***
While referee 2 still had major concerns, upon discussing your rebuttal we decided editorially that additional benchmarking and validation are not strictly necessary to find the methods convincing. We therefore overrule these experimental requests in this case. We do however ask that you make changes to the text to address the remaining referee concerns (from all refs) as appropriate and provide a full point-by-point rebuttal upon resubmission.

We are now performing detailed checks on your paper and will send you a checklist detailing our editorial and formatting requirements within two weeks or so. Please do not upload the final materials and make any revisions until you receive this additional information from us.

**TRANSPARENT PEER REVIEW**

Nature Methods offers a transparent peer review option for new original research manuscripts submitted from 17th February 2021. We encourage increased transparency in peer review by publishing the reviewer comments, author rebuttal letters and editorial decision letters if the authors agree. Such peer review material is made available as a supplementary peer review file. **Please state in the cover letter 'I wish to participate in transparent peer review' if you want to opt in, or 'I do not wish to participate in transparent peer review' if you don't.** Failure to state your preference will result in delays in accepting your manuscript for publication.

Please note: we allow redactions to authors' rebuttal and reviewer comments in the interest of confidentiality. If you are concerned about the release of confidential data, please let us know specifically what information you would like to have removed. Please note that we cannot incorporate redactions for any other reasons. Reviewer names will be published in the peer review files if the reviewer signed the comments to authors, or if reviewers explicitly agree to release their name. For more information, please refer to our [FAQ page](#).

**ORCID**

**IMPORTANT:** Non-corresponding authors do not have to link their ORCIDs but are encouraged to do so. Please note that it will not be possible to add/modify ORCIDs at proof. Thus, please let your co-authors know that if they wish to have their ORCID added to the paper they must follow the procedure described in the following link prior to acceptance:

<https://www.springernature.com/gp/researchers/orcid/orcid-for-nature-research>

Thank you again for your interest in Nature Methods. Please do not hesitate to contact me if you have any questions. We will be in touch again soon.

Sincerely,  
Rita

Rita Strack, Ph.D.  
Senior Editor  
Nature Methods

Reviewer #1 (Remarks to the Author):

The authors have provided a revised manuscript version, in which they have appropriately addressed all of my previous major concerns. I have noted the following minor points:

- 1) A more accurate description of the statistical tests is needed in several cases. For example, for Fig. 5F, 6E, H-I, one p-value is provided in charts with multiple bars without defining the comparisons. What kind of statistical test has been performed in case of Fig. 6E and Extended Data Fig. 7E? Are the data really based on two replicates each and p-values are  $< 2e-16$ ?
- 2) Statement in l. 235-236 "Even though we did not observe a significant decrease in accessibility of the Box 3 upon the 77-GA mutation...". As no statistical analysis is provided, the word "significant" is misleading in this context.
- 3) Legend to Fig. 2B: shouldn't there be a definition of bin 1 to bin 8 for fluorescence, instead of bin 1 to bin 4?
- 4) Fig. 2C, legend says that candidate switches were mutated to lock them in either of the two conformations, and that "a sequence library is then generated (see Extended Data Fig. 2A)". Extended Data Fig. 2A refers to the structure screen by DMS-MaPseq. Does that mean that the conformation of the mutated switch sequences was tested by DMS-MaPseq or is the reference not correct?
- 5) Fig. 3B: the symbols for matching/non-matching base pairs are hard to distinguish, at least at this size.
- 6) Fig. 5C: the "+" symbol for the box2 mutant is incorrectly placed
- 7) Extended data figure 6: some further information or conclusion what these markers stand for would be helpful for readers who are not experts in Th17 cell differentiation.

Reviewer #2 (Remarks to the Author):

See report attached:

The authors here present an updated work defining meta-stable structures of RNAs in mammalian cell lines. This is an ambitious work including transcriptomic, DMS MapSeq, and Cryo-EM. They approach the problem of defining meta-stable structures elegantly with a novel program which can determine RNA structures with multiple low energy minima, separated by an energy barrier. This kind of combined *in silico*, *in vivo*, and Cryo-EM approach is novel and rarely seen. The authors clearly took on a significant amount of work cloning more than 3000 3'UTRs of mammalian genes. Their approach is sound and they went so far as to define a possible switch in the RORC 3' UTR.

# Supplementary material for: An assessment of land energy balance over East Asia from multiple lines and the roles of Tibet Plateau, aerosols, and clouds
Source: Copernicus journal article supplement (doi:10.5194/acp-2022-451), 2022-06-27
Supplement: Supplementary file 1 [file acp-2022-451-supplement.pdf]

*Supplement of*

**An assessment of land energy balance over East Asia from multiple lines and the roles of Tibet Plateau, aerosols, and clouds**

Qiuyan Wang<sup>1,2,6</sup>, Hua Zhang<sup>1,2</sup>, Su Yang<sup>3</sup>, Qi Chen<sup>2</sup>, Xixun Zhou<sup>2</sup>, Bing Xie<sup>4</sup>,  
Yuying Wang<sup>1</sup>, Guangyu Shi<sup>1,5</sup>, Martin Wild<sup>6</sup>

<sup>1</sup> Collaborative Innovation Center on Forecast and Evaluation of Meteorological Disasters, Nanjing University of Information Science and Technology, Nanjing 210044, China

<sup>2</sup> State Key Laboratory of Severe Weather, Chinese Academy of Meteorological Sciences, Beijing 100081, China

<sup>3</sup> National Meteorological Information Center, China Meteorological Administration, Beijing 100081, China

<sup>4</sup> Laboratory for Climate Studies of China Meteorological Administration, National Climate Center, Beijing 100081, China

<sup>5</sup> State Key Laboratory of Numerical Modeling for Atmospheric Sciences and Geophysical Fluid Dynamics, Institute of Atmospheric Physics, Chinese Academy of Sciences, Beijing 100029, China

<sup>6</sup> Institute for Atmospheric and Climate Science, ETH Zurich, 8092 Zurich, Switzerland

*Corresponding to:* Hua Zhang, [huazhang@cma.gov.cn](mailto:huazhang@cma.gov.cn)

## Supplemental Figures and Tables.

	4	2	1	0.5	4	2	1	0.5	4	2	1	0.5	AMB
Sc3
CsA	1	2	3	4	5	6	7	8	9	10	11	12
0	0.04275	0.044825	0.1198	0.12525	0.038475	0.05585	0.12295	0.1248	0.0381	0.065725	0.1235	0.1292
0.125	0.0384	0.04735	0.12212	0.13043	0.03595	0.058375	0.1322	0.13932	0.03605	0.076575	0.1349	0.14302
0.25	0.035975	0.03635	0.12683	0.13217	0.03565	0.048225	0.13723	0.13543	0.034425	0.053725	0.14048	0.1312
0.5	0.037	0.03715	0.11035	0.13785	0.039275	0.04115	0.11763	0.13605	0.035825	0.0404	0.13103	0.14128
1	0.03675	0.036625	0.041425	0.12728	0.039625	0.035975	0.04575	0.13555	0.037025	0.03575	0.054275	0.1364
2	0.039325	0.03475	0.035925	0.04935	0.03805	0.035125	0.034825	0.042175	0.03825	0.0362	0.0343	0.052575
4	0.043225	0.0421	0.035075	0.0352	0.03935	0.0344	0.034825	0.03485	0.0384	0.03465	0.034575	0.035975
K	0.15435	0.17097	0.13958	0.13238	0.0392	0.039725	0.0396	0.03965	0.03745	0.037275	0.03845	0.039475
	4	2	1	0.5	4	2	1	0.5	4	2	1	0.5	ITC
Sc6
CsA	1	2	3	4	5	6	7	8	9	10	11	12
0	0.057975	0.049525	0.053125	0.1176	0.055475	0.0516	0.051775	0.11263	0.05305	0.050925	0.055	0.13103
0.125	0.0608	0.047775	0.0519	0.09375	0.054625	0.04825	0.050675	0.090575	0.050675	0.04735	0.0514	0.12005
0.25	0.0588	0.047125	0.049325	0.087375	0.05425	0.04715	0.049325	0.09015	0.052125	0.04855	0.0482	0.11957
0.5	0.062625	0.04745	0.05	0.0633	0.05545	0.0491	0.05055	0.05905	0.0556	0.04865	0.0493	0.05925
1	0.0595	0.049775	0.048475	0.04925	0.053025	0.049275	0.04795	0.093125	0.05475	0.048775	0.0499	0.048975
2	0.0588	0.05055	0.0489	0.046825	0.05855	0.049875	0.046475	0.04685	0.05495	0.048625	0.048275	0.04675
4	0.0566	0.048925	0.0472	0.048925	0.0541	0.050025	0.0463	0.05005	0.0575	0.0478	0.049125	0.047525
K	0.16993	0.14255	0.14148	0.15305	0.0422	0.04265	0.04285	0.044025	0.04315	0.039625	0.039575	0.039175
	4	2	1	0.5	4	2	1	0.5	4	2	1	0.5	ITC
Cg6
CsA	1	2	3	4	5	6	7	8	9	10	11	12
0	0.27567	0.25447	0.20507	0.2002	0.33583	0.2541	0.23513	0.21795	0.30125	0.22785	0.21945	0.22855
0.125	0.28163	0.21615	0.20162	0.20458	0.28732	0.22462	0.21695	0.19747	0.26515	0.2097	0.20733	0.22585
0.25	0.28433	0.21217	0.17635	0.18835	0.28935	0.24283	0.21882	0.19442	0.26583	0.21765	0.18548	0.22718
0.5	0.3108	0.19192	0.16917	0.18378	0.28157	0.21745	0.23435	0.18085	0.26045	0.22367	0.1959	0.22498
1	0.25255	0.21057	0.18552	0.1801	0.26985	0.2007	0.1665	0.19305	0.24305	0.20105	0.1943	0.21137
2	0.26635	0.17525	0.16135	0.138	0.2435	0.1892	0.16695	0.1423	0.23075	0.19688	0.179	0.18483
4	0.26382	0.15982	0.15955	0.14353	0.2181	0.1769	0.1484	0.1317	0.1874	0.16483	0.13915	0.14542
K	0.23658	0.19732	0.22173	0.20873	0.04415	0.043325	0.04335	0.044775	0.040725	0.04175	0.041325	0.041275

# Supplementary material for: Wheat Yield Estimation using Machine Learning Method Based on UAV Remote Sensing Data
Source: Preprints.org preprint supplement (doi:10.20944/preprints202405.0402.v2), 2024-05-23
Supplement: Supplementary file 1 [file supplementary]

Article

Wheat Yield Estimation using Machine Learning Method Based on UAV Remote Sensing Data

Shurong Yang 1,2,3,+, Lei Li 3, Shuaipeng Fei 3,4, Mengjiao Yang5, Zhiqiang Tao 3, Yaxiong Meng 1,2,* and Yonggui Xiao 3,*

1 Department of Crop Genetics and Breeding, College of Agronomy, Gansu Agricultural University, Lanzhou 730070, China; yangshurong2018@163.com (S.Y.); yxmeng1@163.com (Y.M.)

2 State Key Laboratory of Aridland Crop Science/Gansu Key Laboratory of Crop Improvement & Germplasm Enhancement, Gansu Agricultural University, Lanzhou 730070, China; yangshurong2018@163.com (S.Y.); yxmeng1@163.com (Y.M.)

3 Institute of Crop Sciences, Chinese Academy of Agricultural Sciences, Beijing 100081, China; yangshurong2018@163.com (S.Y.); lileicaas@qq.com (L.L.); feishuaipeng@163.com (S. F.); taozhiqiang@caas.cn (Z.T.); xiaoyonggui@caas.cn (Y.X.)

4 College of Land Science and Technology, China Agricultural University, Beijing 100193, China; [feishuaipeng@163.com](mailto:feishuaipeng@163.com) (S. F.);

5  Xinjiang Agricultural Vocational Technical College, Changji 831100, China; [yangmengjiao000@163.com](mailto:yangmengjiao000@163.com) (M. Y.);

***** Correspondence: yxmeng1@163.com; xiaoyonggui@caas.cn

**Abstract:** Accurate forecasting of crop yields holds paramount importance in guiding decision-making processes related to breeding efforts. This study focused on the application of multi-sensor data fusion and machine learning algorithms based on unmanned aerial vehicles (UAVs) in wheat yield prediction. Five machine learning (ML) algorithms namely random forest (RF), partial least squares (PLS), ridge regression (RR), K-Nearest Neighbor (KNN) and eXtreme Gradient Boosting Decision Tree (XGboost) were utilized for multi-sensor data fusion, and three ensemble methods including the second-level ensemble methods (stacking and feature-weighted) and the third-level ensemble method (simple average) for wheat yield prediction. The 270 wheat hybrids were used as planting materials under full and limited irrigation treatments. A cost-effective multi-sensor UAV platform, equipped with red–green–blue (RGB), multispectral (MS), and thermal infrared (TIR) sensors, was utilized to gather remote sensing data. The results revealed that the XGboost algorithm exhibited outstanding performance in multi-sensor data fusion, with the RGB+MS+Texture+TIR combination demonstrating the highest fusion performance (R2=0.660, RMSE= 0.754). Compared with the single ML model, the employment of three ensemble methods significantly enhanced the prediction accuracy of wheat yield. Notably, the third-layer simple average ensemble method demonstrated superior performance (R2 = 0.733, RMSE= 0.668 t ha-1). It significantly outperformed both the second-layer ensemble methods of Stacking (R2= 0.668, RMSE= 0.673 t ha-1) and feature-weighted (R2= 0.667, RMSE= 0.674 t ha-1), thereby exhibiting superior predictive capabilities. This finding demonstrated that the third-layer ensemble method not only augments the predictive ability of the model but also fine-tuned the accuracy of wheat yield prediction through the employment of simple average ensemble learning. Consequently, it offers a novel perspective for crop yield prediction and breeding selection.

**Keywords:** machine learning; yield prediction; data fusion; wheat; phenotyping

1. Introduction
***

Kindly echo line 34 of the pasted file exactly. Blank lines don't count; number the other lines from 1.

<sup>1</sup> Collaborative Innovation Center on Forecast and Evaluation of Meteorological Disasters, Nanjing University of Information Science and Technology, Nanjing 210044, China